Fifth is attention to details. Since the garden is on the school compound, it has numerous effects on students. The design has not only concentrated on the visual details but also on other details such as the scents of selected plants, flowering time, growth rate of plants, mature size of plants, etc. All these factors affect the interaction between the students and the garden at different times of the year. Sixth is resources needed to maintain the garden. The garden has to be resource-efficient throughout its lifecycle. This will help in reducing costs and protecting the environment. Some of the techniques used to make the garden resource-efficient include: choosing resource-efficient plants (those requiring less water, pesticides and fertilizers), installing a rainwater harvesting system, using eco-friendly fertilizers and pesticides, and installing an automated irrigation system. Last but not least is the local government regulations. This cannot be overlooked structures since each city-state has its own regulations associated with design of school gardens.

Outdoor spaces play a very key role in promoting academic performance and social behaviour of students and teachers in schools (Tomomi, Jennifer, & Timothy, 2016). For students, gardens provide them with a completely different learning environment from the one they are used to in class. The gardens are usually in an open place where students connect with nature in a relaxed way. This eliminates the tension that most students feel when in class, which they see it as a confined place with limited freedom (Blair, 2009). The proposed school garden design in this proposal combines several themes including forms, shapes/structures, colors, ornamental, relaxation, nutritional and oriental. Since there are several themes to be integrated on the garden, the design has to ensure that they do not interfere with each other but are compatible with each other. For instance, the various forms and shapes of plants on the garden should give it a more natural feel, make it more attractive and provide enough space for relaxation. In other words, all the themes must supplement each other.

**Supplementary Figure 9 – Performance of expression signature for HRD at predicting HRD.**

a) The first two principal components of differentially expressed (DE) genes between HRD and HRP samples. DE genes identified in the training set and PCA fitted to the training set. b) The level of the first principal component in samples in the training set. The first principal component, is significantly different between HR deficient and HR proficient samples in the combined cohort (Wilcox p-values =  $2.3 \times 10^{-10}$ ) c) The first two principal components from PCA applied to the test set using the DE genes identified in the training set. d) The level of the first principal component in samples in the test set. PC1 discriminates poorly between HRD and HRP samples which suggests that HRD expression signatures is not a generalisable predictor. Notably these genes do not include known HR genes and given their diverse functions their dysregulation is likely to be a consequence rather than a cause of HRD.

Gardens are one of the focal elements of many schools for several reasons. First and foremost, they give students a refreshing environment. When students see or visit a school garden, they feel completely different from the classroom environment. This restores their cognitive capabilities and they are likely to start being creative on how to make use of that garden (Storrs, 2015). Second, many schools are using gardens to teach students about the importance of eating a balanced diet. A variety of crops (including fruits and vegetables) are usually planted on the gardens to help students understand how to cultivate them and also their nutritional value and benefits (nutrition education). A study conducted by Berezowitz, Bontrager, & Schoeller (2015) showed that school gardens improve dietary and academic performance outcomes in children. Therefore gardens encourage students to develop the culture of cultivating fruits and vegetables and transfer the same to their homes. Third, teachers use gardens to develop gardening and nutrition-education programs for their students (Slabe, 2017). This has two benefits: it increases students’ dietary intake of vegetables and fruits (Robinson-O’Brien, Story, &Hein, 2009), and it also presents an opportunity to students to engage in physical activities. This is a very good strategy of minimizing the chances of obesity among students. With school gardens, the time that students spend in sedentary activity reduces significantly (Wells, Myers, & Henderson, 2014).